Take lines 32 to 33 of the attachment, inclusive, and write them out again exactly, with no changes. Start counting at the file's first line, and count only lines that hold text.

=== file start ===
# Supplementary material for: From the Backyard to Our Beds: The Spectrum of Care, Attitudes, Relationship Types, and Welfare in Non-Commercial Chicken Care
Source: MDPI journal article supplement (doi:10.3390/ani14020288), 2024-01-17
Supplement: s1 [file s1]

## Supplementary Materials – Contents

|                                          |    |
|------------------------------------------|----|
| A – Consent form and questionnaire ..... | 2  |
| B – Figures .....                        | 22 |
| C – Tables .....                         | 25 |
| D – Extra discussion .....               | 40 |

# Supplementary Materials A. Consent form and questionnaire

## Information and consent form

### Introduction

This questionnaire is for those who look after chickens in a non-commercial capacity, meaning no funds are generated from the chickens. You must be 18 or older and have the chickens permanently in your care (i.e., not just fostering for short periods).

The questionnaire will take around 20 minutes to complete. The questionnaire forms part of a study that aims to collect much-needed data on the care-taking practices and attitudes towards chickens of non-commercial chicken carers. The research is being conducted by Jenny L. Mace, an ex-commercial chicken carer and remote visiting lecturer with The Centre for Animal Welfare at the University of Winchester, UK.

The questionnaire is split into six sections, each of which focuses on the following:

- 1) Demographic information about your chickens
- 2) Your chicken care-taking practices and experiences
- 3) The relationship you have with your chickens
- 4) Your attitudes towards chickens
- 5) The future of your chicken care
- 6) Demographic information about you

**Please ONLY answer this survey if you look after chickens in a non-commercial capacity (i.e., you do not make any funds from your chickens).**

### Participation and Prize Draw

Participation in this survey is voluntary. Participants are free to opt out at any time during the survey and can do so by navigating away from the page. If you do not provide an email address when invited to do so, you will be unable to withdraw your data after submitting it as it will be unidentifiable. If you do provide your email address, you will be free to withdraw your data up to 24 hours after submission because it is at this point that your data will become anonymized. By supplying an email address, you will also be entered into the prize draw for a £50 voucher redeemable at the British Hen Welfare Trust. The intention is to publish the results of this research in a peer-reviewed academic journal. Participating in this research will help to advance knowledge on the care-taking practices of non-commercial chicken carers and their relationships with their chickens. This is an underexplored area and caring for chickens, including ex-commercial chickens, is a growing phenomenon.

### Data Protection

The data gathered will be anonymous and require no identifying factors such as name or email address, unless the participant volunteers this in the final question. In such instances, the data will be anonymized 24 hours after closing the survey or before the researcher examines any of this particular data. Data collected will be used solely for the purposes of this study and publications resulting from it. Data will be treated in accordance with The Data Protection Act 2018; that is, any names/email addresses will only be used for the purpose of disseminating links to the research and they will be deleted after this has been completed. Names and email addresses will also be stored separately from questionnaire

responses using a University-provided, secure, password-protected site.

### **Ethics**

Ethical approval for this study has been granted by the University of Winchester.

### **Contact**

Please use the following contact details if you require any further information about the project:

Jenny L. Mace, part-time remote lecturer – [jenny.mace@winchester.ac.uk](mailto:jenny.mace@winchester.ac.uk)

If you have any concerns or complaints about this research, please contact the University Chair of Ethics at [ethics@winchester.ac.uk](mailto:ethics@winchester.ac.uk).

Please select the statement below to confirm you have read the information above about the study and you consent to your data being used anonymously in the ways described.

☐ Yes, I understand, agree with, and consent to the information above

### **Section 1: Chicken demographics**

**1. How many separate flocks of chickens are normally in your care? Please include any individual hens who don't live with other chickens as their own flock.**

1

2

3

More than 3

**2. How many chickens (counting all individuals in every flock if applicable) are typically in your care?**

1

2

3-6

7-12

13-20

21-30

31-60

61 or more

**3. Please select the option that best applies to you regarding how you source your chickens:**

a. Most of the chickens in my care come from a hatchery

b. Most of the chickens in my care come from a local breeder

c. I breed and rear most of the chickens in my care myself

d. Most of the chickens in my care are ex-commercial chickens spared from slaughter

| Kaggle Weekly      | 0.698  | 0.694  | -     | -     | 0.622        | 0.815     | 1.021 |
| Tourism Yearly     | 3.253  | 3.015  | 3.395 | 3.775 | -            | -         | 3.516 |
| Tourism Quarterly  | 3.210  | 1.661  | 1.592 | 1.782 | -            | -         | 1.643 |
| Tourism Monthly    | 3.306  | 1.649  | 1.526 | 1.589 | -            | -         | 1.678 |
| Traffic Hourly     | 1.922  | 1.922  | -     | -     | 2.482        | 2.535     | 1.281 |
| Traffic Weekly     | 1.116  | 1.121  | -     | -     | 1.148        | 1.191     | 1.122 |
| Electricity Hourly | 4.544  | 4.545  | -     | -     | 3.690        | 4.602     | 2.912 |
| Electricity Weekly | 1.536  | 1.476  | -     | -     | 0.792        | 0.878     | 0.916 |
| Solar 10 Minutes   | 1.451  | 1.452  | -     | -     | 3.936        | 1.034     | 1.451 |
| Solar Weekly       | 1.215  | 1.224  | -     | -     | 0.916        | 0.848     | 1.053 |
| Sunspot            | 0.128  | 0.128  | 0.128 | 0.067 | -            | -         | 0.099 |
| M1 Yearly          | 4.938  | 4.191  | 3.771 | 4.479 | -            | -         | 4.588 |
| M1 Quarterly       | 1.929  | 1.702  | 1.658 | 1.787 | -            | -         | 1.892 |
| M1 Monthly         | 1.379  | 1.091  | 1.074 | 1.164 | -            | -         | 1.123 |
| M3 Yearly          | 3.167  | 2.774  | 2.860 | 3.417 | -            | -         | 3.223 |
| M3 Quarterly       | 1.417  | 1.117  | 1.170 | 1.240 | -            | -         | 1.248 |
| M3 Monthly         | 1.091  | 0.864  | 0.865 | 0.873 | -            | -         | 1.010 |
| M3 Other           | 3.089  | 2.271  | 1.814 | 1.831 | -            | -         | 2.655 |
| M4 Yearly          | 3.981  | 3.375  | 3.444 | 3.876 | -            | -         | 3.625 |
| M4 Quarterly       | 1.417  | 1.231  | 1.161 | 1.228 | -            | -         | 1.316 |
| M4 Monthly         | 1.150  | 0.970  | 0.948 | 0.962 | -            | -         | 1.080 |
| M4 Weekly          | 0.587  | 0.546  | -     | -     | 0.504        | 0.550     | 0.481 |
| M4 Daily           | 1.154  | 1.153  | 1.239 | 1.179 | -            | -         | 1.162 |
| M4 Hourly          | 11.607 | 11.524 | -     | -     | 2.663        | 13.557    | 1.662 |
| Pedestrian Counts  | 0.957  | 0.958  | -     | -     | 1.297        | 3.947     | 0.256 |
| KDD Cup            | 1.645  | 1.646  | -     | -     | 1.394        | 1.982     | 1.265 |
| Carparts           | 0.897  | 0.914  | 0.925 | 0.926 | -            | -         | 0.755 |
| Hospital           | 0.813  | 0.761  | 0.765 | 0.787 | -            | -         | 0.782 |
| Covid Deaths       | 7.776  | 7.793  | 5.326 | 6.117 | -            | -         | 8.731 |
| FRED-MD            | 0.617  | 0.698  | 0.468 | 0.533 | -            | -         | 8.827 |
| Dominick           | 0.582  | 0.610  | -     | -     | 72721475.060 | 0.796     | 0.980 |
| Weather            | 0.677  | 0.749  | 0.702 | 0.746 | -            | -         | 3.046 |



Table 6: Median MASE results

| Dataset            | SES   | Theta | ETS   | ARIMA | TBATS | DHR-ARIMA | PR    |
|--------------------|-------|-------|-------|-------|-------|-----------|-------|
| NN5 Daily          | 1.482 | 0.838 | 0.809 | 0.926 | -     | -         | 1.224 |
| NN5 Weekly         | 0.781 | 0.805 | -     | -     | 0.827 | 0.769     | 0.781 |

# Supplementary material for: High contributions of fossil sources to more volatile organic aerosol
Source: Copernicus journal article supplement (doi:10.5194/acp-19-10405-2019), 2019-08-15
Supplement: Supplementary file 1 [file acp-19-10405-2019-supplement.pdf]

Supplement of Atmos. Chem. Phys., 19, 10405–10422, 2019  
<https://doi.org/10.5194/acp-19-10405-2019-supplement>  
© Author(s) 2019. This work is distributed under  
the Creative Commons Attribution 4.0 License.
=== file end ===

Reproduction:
Please use the following contact details if you require any further information about the project:

Jenny L. Mace, part-time remote lecturer – [jenny.mace@winchester.ac.uk](mailto:jenny.mace@winchester.ac.uk)